They were too young to be beatniks and too old to be hippies.
There is a mythology that surrounds the 1960s, thanks to that volatile period being romanticized. We envision young people, their faces painted with flowers and peace signs, bravely protesting an unpopular war; some believing they changed the world with poster boards and catchy slogans. These images are seared into our minds, as this protest-fueled period divided a nation. We have forgotten however, that most of these images come from the latter part of the decade, the early ’60s resembled the ’50s more than it did the peace movement.
The early part of the 1960s was inhabited by a group of young men and women in their late twenties and early thirties who also shunned the world of their parents and are considered by some to be the link between the beatniks of the’50s and the hippies of ’60s. This is the middle ground where Ken Kesey, author of “One Flew Over the Cuckoo’s Nest,” was floundering when he and a few friends decided in 1964 to convert an old school bus into a home away from home and travel from California to New York to attend the World’s Fair.
Based on the words and recordings of Ken Kesey, Magic Trip is a documentary chronicling this cross country journey and it gives us a keen sense of what this experience was truly like: a drug-addled sex-filled romp of disorganization that lost its way even before it got started. As it turns out this “Merry Band of Pranksters,” as they liked to be called, were nothing more than a group of rebellious pseudo-adults trying, like the hippies and beatniks, to buck the traditions of their parents and forge a new path that bared no resemblance to what they felt was the stuffy existence they grew up in. It was, like most of the mythology of the ’60s, a trip that was nothing more than adolescent ideology dressed up in a quest for enlightenment.
With a 16mm color camera in tow and a whole mess of drugs, they make their way to New York but along the way realize that the journey had become more important than the destination. With footage and interviews that have gone virtually unseen or heard for more than 40 years, we experience with Kesey and his cohorts a trip marred by the excessive use of acid and LSD and complicated by the casual sexual affairs of the participants. A genuine ’60s experience long before the flower power movement became a universal symbol of the era.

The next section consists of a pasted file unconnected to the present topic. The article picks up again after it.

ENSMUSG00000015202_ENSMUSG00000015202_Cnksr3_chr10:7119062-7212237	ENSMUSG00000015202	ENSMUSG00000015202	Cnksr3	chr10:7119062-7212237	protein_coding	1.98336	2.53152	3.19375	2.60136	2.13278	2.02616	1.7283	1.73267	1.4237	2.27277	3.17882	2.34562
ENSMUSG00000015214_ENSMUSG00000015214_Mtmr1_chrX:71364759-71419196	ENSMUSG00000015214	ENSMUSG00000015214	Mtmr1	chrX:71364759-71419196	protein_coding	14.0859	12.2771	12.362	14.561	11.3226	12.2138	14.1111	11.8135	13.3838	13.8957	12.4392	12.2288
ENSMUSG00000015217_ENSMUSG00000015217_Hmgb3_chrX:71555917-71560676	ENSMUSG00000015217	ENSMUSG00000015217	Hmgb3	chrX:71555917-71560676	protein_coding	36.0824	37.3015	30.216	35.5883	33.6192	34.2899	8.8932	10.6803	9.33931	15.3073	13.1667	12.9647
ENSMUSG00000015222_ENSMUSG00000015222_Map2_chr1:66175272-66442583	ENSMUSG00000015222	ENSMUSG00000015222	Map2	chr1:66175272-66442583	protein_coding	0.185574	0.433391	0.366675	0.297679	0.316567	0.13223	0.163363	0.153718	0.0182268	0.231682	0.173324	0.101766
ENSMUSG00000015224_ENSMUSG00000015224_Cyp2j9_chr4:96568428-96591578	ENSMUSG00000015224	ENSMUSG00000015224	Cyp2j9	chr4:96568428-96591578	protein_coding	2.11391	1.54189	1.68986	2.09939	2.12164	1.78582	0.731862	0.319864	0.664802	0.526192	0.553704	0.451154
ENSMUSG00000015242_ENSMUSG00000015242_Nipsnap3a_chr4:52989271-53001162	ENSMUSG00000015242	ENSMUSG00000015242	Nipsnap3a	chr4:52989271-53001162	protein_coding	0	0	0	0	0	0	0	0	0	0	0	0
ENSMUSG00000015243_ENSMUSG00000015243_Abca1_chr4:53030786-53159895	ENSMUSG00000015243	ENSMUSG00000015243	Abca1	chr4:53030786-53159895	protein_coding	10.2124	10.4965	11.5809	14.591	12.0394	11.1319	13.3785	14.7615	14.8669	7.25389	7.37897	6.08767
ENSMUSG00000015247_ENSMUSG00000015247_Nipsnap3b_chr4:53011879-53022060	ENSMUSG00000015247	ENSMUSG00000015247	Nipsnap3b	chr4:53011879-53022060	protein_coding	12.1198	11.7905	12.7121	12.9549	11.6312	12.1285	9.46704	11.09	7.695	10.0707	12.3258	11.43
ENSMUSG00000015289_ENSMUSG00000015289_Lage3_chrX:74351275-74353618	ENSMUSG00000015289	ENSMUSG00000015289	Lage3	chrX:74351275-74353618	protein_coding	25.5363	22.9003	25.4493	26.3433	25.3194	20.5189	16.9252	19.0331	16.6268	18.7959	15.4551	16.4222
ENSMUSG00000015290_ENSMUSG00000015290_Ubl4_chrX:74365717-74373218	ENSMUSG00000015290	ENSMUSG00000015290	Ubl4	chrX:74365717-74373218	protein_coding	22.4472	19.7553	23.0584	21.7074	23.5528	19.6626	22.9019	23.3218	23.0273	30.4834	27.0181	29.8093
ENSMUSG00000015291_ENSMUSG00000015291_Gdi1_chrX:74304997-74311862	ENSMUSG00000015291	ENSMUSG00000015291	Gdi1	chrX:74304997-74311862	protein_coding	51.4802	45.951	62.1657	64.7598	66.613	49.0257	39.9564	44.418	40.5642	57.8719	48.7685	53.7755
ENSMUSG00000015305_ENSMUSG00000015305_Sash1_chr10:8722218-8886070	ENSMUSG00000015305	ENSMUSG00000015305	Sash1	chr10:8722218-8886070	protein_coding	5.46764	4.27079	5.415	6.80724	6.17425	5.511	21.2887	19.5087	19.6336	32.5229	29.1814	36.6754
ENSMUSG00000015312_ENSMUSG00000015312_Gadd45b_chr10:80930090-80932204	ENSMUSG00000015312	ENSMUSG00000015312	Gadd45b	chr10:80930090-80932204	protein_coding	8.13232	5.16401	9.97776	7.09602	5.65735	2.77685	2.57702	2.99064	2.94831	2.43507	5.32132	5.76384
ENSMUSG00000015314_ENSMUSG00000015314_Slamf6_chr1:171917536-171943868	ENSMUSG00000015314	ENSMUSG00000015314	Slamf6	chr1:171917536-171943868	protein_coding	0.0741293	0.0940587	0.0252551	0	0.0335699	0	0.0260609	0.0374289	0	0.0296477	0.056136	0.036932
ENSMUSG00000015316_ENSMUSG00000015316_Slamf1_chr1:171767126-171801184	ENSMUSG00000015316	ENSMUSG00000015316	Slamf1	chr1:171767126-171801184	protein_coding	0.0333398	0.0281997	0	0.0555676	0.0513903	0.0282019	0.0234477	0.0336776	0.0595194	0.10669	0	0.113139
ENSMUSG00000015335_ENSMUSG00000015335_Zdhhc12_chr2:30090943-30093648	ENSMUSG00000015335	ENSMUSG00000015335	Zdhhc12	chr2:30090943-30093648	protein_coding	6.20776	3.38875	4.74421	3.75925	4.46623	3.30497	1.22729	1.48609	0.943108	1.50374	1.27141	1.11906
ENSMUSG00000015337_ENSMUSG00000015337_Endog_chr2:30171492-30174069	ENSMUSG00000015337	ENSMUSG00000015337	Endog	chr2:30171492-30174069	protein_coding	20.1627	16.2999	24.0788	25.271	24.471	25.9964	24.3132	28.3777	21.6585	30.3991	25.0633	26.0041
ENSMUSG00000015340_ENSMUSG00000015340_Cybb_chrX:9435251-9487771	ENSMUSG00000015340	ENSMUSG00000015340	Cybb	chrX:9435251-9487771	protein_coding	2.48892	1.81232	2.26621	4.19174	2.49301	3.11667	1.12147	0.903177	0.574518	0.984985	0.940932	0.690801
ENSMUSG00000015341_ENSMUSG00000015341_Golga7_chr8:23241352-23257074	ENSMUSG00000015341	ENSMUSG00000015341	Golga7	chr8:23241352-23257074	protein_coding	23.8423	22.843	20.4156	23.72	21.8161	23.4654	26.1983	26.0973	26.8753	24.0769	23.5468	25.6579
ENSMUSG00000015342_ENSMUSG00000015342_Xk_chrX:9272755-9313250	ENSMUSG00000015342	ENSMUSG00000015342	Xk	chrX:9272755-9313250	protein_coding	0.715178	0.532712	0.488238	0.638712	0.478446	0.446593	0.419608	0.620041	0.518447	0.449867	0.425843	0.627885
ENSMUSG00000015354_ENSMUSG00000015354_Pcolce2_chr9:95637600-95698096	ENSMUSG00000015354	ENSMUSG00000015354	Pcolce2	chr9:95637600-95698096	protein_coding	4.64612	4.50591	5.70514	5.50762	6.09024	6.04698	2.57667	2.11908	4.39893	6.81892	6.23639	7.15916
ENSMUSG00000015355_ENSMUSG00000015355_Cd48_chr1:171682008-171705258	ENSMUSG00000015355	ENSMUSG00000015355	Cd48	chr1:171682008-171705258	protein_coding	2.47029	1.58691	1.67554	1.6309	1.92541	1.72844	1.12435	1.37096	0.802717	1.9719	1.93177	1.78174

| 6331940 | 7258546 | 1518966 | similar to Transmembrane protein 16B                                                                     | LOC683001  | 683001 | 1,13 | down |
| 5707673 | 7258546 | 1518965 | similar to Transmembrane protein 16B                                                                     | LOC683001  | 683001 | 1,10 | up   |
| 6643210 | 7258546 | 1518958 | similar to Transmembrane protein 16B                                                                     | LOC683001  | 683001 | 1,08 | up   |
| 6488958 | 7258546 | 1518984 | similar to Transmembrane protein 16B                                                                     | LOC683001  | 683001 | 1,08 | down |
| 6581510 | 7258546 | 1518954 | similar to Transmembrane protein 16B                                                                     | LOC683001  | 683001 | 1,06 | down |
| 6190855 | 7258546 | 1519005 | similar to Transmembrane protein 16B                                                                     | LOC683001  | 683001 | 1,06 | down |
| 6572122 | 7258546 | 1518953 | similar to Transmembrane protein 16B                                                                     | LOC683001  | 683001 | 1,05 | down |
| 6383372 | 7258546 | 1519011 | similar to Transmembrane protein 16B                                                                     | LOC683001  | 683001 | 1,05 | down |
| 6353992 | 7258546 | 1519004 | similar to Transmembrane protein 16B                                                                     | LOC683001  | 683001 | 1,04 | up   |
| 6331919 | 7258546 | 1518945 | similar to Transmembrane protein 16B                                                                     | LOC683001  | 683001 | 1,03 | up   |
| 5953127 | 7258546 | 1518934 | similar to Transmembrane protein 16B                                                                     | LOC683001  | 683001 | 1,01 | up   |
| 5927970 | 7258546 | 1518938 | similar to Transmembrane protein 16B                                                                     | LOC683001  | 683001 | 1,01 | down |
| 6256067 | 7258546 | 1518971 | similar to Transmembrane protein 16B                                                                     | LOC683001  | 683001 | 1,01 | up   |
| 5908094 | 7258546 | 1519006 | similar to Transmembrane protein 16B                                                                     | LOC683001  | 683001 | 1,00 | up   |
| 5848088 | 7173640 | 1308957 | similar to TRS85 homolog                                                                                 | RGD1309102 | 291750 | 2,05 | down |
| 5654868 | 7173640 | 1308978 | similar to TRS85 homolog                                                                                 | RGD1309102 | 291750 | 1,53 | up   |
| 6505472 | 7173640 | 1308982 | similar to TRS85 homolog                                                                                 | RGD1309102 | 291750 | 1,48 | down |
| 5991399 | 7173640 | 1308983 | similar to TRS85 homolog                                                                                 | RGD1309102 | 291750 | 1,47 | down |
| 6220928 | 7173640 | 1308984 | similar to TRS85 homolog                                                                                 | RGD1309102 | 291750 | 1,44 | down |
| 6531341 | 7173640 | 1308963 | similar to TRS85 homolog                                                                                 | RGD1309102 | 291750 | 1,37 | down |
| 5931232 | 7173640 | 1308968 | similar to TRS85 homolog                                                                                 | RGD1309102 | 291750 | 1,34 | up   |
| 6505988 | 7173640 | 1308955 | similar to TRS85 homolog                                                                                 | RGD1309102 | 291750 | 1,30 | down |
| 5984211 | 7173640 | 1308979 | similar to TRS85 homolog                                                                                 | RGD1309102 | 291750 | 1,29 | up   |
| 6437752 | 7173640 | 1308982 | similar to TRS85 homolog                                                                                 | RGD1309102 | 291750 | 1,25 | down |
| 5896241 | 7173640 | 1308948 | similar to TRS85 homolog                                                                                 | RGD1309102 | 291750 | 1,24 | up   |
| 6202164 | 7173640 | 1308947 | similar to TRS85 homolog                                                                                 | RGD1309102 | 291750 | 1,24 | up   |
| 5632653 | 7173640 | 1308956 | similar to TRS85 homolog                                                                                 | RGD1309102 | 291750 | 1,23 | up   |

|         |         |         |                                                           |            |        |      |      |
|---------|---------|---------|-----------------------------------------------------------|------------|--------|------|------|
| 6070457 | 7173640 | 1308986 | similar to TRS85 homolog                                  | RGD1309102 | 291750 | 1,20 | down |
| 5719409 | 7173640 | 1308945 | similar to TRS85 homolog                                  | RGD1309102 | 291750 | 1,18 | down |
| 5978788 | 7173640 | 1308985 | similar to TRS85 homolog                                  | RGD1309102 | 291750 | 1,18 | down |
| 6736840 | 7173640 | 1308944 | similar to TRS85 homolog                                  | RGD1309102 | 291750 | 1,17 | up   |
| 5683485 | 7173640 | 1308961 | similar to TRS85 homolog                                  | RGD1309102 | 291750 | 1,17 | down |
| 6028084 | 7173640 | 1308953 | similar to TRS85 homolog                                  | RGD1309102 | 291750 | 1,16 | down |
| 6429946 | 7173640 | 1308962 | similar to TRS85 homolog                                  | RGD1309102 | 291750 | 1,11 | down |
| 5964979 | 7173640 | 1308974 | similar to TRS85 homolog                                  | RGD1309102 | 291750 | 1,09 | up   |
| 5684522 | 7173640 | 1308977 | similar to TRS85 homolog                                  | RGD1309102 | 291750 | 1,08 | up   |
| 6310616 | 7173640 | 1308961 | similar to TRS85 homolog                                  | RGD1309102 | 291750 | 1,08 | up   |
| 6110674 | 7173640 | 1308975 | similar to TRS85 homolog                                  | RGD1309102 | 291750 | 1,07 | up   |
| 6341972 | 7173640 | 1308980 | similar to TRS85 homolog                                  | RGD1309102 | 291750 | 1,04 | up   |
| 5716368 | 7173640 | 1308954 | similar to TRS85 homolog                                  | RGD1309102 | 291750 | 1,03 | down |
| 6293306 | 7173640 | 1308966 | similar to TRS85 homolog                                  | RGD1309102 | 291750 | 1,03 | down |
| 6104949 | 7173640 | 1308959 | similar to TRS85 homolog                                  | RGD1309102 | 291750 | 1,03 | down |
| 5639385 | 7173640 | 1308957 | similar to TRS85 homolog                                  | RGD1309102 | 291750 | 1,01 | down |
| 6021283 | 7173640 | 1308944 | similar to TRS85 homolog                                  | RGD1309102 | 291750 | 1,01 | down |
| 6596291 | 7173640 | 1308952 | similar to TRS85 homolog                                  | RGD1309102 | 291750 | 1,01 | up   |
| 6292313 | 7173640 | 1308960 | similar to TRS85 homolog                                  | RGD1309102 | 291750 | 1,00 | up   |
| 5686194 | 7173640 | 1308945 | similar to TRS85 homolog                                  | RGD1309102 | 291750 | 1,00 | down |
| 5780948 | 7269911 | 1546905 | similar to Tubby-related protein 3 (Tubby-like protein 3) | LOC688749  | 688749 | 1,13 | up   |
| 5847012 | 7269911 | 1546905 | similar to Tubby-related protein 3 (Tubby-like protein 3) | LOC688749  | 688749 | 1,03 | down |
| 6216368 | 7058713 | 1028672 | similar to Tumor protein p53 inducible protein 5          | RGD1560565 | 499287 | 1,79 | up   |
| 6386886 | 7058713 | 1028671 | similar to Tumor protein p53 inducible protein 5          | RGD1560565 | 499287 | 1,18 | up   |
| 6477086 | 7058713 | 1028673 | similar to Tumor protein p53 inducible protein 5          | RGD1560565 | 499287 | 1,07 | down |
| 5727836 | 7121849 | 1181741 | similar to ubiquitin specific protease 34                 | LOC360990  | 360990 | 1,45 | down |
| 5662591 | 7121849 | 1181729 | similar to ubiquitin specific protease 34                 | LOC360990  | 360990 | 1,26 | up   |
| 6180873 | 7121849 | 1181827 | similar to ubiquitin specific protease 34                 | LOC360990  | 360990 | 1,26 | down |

Most of us had our rebellious bus trip of sorts, maybe it wasn’t literally on a bus, but a time in our lives where we’ve had to veer off course in order to ‘find’ out who we truly should be. For me, I would say my ‘bus trip’ happened during the same age range as Kesey and his friends, in my late twenties; a time when life becomes more than just hanging out with friends and figuring out which party you’re going to attend in the upcoming weekend. You realize you are no longer a young irresponsible teen, with time to figure things out. No, you are an adult whether you like it or not, and people begin to expect you to be responsible. All of a sudden those dreams you thought you had all the time in the world to accomplish, seem less likely to happen. You look at yourself in the mirror and say ‘now what?’
Kesey’s ‘now what’ moment resulted in him traipsing across the country in a bus with some of his best buds to experience America; the one last hurrah before full onset adulthood kicked in. But this trip was rocky from the very beginning and the sign that it wouldn’t be all it was cracked up to be happened even before they began their adventure. As they pull out of the driveway in a colorfully painted school bus, the pranksters run out of gas just a few feet from Kesey’s home. His quest to see the country didn’t just go off the rails, it was never securely on them to begin with. The main reason for this — drugs. I know, that’s what the ’60s were all about, but Magic Bus shows clearly how that accepted form of recreation was a destructive force in the lives of some otherwise intelligent individuals. The drugs interfered with the journey, they didn’t enhance the experience.
LSD and acid had become a part of Kesey’s identity, one that he explains came into being after he volunteered for a government experiment involving the use of LSD. In one scene, we hear through old audio recordings, Kesey, who is obviously high, speaking in a slurred voice while being asked questions by some anonymous woman. While we listen to Kesey go on in this drug induced haze, onscreen we see random splashes of words and colors to coincide with what Kesey is saying. The scene goes on for far too long, but it did show the beginnings of a life that was shaped by this defining moment. Before this experiment, Kesey claims he never did drugs, or even drank; however, after the program was abruptly ended, he embraced the drug culture wholeheartedly. Kesey seemed to think the government was solely to blame for his fondness of drugs, and they do bear some responsibility but so does Mr. Kesey, who chose to continue using even though he knew there were adverse affects to LSD.